County, del­e­ga­tion bump heads on garbage haul­ing bill

Will give county abil­ity to take on waste col­lec­tion

Maryland Independent - - Front Page - By MICHAEL SYKES II msykes@somd­

In the near fu­ture, the Charles County Govern­ment could be tak­ing over trash col­lec­tion ser­vices for busi­nesses and res­i­dents through­out the county. But they will not be able to do it with­out hold­ing a pub­lic hear­ing first.

The Mary­land Gen­eral Assem­bly passed House Bill 1300, which re­quires the county to hold a pub­lic hear­ing be­fore “dis­plac­ing” any private per­son or agency who is con­trac­tu­ally en­abled to col­lect trash from dif­fer­ent ar­eas around the county.

And although the leg­is­la­tion was passed in both the House and the Se­nate, the Charles County Board of Com­mis­sion­ers re­quested be­ing able to make new amend­ments to the bill that ad­dress con­cerns the com­mis­sion­ers say they have.

The com­mis­sion­ers pre­vi­ously voted unan­i­mously to take up the mea­sure. How­ever, County Com­mis­sion­ers’ Pres­i­dent Peter Mur­phy (D) said the county did not re-

al­ize that the bill could end up cost­ing the county more money down the line as they pro­vide ser­vices to cit­i­zens and buy out private com­pa­nies cur­rently in place. ”We had a cou­ple of con­cerns about that. There was no fis­cal note on that that gave us any amount of money that it could cost the county,” Mur­phy said. And the bill is a man­date, he said, which means the county has to op­er­ate un­der this law. Ex­pen­di­tures may be in­creased by a “sig­nif­i­cant amount” over time, Mur­phy said, which could do more harm than good for the fu­ture of the county govern­ment. In an at­tempt to make changes to the bill, Mur­phy crafted a let­ter un­der his sig­na­ture ap­proved by Com­mis­sion­ers’ Vice Pres­i­dent Amanda Ste­wart (D) and Com­mis­sioner Ken Robin­son (D) re­quest­ing more time to work on the leg­is­la­tion. Mur­phy said he sent out an email to all com­mis­sion­ers re­quest­ing their ap­proval for the let­ter, but did not get re­sponses back from Com­mis­sion­ers Debra Davis (D) and Bobby Rucci (D).

But Rucci said the email was sent out­side of nor­mal op­er­at­ing hours for the county govern­ment and he was un­able to re­spond. Davis and Rucci sent their own let­ter to the state no­ti­fy­ing of­fi­cials of their sup­port for the orig­i­nal unan­i­mous de­ci­sion be­hind the bill from the com­mis­sion­ers.

“I didn’t have my com­puter with me. If some­thing like that goes out, we need to be called,” Rucci said. “And I think that item needs a pub­lic hear­ing be­cause stake­hold­ers weren’t no­ti­fied ei­ther.”

The law was voted on by the gen­eral assem­bly and is in statute now. Charles County Del­e­ga­tion Chair­woman Edith Pat­ter­son (D-Charles) said the com­mis­sion­ers were ask­ing to make changes at the last minute, which would have dis­rupted the process of the leg­is­la­tion.

Noth­ing changed with the bill, Pat­ter­son said, and the com­mis­sion­ers al­ready pre­vi­ously made a mo­tion of sup­port for the leg­is­la­tion.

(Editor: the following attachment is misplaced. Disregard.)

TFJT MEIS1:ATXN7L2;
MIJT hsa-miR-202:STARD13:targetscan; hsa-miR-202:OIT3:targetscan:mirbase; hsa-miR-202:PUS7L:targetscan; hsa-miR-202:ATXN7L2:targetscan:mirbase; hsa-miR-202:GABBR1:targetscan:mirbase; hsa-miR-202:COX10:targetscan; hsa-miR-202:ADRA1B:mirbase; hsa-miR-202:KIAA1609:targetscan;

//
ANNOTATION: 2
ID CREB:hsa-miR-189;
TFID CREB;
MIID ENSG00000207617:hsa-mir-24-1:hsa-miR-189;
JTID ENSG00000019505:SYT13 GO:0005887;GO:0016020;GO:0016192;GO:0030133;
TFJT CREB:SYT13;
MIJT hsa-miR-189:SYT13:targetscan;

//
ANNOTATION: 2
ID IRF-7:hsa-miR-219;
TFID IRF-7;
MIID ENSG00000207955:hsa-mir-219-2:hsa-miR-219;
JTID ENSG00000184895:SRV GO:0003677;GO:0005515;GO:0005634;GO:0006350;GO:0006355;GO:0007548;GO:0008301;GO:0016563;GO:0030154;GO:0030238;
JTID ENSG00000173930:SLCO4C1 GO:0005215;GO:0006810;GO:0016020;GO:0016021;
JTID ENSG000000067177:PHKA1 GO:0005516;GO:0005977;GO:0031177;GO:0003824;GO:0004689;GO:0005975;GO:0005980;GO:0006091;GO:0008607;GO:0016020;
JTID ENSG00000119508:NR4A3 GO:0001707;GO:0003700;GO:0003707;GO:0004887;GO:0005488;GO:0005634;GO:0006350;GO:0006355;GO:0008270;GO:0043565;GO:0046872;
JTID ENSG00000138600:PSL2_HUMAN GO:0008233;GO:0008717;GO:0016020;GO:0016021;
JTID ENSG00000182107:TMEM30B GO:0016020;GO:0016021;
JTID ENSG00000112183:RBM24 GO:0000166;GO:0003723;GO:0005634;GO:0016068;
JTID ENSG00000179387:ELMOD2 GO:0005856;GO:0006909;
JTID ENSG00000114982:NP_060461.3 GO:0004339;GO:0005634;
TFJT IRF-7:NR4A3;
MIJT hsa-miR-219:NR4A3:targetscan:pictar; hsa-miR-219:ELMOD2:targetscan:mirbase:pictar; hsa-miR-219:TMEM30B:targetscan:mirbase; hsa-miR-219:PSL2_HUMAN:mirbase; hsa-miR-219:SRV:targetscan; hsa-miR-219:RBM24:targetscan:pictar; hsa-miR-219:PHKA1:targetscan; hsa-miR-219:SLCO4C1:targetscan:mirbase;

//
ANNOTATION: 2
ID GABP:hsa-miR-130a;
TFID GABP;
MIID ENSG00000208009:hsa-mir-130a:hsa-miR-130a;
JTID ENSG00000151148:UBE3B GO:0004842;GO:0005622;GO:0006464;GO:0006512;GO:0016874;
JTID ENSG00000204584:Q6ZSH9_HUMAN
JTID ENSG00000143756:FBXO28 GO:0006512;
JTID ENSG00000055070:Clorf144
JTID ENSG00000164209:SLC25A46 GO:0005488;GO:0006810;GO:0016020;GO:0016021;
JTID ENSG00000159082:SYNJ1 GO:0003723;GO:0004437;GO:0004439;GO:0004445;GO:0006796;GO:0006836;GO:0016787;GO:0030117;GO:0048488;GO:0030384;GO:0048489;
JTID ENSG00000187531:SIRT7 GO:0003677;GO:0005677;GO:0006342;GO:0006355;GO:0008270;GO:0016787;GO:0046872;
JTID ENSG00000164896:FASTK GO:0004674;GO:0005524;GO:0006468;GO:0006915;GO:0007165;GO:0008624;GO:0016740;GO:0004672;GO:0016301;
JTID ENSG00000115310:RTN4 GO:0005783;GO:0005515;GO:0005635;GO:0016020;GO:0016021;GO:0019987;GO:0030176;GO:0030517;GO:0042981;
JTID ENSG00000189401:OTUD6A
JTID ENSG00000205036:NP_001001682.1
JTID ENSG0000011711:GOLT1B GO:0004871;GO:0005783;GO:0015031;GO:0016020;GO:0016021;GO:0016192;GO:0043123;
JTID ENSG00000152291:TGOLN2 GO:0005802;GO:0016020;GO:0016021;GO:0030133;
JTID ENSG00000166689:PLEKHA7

“I be­lieve right should pre­vail. This was a good bill. It was one that had been worked on, es­tab­lished and de­vel­oped. No one op­posed it. There was a vote of 5-0 to sup­port this,” Pat­ter­son said. “Pulling it would mean killing it.”

Sen. Thomas “Mac” Mid­dle­ton (D-Charles) or­ga­nized a meet­ing be­tween the county and trash hauler rep­re­sen­ta­tives, Pat­ter­son said. But the amend­ments sug­gested by the county were “mi­nus­cule.”

Those last minute changes weren’t sig­nif­i­cant enough, Pat­ter­son said. Del. Sally Jame­son (D-Charles) agreed.

“The is­sue be­comes process,” Jame­son said. “We’ve al­ways had a very good process. We meet in the late fall with the com­mis­sion­ers, we do a joint pub­lic hear­ing, we do work­shops to make sure we un­der­stand ex­actly what we want to change.”

There were com­plaints that the bill was filed late, Jame­son said, but that is not the case. The bill was filed in Jan­uary, she said, but re­ceived a late num­ber.

The prob­lem is, she said, changes were made af­ter the work­shops were done on the bill. The pur­pose of the work­shops, she said, is to de­velop two to three sen­tences for each stip­u­la­tion in the bill.

“You know the things you’re go­ing to need and you’re only go­ing to have a cou­ple of days to get them ready,” Jame­son said. “Some­times you get snagged. But the most im­por­tant thing is that at the be­gin­ning of the process, the com­mis­sion­ers know what bills they want to move for­ward.”

De­spite the ini­tial vote, Ste­wart said she was dis­ap­pointed that the bill never came for­ward with a fis­cal note. The com­mis­sion­ers were not no­ti­fied of what the fis­cal im­pact of the leg­is­la­tion could be, she said. That is why, she said, they made the de­ci­sion to try to make changes.

“From a busi­ness per­spec­tive, it would help pro­tect lo­cal busi­nesses. But lets fast for­ward,” Ste­wart said. “We want to make sure that on both sides ev­ery­one is clear and knowl­edgable of if you make these de­ci­sions these are go­ing to be the con­se­quences.”

Ul­ti­mately, Mid­dle­ton said, the com­mis­sion­ers did not have a “well thought out” bill. And it gath­ered mo­men­tum among the state del­e­ga­tion and moved for­ward.

“It’s in statute now,” Mid­dle­ton said. “It doesn’t pre­vent them in the fu­ture from com­ing back and chang­ing it. But they have to change the law to do it.”

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